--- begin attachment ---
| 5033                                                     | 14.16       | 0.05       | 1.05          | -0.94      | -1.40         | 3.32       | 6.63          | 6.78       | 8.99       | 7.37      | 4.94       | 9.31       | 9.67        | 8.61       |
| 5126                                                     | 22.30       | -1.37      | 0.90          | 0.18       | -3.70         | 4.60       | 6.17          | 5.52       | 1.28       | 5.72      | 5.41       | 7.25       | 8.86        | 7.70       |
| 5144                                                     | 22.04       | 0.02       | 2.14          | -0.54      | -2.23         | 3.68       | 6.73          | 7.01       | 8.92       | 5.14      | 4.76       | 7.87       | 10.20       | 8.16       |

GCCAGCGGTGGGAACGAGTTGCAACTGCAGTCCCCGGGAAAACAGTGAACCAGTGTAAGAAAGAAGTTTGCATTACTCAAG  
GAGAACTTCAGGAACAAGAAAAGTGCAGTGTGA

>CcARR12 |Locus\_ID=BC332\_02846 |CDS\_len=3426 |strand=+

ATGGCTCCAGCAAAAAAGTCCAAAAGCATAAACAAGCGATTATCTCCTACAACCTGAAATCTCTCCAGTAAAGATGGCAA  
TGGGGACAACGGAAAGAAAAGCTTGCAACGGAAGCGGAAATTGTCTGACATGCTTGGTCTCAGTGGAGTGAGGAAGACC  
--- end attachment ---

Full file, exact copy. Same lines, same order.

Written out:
| 5033                                                     | 14.16       | 0.05       | 1.05          | -0.94      | -1.40         | 3.32       | 6.63          | 6.78       | 8.99       | 7.37      | 4.94       | 9.31       | 9.67        | 8.61       |
| 5126                                                     | 22.30       | -1.37      | 0.90          | 0.18       | -3.70         | 4.60       | 6.17          | 5.52       | 1.28       | 5.72      | 5.41       | 7.25       | 8.86        | 7.70       |
| 5144                                                     | 22.04       | 0.02       | 2.14          | -0.54      | -2.23         | 3.68       | 6.73          | 7.01       | 8.92       | 5.14      | 4.76       | 7.87       | 10.20       | 8.16       |

GCCAGCGGTGGGAACGAGTTGCAACTGCAGTCCCCGGGAAAACAGTGAACCAGTGTAAGAAAGAAGTTTGCATTACTCAAG  
GAGAACTTCAGGAACAAGAAAAGTGCAGTGTGA

>CcARR12 |Locus\_ID=BC332\_02846 |CDS\_len=3426 |strand=+

ATGGCTCCAGCAAAAAAGTCCAAAAGCATAAACAAGCGATTATCTCCTACAACCTGAAATCTCTCCAGTAAAGATGGCAA  
TGGGGACAACGGAAAGAAAAGCTTGCAACGGAAGCGGAAATTGTCTGACATGCTTGGTCTCAGTGGAGTGAGGAAGACC  